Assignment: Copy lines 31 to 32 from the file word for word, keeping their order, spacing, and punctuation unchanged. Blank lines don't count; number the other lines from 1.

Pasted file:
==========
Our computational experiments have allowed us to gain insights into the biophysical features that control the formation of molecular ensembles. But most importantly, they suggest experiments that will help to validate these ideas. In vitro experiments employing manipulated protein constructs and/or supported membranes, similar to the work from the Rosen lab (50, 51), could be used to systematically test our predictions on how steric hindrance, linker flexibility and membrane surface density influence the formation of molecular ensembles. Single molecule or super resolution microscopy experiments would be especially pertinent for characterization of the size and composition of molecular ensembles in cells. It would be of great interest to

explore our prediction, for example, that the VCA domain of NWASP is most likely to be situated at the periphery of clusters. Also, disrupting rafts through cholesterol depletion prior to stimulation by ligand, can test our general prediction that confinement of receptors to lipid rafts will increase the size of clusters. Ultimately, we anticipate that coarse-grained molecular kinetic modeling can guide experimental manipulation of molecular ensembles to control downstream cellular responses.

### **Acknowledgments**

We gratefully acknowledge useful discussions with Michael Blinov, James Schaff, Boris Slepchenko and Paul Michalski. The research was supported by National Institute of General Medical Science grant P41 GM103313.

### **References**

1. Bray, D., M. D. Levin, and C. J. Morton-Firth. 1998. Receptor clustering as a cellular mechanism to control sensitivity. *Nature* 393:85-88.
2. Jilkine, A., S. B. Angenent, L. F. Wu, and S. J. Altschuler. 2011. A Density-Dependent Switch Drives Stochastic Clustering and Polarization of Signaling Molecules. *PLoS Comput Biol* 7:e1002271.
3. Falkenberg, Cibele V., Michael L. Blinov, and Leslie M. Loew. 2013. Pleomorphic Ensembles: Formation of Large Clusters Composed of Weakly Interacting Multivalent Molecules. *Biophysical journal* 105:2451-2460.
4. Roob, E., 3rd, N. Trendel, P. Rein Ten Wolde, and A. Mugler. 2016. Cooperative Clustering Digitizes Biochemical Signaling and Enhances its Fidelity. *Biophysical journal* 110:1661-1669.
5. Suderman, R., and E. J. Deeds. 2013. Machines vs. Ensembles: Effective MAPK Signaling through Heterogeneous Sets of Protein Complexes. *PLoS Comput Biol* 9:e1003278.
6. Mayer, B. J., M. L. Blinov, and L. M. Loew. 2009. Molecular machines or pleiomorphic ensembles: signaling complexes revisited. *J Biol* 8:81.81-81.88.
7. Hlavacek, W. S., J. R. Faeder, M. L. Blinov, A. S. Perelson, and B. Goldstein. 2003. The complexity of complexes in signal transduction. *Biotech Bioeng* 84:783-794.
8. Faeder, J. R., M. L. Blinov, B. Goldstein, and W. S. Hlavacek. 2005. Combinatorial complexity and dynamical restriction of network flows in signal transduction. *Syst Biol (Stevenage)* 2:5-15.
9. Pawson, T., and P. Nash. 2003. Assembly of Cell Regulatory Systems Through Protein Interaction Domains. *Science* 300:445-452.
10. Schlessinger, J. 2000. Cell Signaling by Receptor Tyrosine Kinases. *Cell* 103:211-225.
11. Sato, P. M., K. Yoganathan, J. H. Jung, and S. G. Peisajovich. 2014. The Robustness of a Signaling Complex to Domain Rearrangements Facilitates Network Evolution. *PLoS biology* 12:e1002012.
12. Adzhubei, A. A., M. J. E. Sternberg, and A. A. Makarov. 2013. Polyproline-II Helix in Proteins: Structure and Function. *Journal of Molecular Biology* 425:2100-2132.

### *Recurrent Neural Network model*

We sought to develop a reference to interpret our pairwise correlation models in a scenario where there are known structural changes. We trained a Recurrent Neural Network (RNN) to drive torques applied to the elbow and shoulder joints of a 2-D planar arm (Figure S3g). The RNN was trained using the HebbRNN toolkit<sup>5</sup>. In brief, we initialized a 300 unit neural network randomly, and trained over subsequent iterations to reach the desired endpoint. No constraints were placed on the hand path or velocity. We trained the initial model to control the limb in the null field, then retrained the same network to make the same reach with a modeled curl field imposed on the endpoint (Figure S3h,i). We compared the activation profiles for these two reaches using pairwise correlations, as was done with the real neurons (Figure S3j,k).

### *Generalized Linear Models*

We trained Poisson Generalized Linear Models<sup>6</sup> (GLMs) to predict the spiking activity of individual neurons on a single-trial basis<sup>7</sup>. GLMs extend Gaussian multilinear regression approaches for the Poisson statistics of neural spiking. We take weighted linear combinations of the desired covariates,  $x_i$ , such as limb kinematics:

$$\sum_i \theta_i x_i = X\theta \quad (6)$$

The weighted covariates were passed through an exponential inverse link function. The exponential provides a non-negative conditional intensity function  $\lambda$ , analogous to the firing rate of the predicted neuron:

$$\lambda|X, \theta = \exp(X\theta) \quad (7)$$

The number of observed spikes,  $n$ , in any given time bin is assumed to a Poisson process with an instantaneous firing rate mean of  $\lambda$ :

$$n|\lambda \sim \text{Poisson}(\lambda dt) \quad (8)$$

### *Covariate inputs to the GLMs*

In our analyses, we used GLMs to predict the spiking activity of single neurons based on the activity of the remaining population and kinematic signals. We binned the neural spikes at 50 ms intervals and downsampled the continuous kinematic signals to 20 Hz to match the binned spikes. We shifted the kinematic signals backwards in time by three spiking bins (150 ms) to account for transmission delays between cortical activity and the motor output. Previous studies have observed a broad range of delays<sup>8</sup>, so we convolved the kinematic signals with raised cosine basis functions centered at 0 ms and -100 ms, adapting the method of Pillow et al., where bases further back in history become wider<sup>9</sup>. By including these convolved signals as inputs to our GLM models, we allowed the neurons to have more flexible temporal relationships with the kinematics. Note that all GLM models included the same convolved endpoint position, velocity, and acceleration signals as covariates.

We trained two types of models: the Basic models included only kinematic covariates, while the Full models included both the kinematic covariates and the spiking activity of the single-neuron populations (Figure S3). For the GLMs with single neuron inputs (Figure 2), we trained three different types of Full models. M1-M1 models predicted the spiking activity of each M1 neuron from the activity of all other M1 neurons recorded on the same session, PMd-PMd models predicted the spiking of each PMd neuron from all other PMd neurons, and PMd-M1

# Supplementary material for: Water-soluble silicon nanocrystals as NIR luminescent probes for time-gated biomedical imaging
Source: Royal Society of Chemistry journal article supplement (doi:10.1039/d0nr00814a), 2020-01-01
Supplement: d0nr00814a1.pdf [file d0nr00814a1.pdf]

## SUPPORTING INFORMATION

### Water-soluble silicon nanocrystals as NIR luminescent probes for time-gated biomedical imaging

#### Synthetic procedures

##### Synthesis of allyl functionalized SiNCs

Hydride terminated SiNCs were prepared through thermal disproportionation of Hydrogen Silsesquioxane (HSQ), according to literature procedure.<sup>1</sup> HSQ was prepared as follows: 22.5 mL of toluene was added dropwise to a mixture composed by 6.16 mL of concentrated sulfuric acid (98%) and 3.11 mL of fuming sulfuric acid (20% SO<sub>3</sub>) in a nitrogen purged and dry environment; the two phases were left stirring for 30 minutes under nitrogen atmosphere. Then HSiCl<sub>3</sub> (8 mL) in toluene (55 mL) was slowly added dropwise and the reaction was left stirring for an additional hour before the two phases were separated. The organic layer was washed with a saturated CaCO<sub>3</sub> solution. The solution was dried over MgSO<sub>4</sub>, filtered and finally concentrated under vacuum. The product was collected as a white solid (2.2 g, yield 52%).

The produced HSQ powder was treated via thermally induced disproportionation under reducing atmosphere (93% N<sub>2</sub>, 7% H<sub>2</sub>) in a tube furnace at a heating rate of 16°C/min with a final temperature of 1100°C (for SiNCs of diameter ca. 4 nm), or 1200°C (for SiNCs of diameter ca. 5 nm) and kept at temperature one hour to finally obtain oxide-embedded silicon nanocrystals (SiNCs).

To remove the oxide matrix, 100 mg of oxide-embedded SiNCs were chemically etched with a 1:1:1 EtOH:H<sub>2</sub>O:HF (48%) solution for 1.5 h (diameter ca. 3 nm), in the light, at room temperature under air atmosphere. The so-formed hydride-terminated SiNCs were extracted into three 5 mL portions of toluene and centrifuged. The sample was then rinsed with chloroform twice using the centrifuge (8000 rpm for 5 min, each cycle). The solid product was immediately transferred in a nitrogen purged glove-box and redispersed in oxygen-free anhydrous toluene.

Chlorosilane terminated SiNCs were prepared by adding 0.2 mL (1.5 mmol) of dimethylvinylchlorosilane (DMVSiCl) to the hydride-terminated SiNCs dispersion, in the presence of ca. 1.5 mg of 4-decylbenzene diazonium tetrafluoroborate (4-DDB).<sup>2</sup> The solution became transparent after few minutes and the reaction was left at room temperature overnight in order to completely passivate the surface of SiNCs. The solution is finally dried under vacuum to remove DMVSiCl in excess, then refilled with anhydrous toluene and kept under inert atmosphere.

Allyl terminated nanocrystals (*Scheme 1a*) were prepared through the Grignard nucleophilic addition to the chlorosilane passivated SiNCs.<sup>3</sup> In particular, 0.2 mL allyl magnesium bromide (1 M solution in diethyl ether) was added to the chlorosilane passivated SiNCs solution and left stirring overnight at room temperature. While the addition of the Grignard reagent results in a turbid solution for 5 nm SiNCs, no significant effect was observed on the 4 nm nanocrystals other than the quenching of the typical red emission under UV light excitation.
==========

Source: Royal Society of Chemistry journal article supplement (doi:10.1039/d0nr00814a), 2020-01-01
Supplement: d0nr00814a1.pdf [file d0nr00814a1.pdf]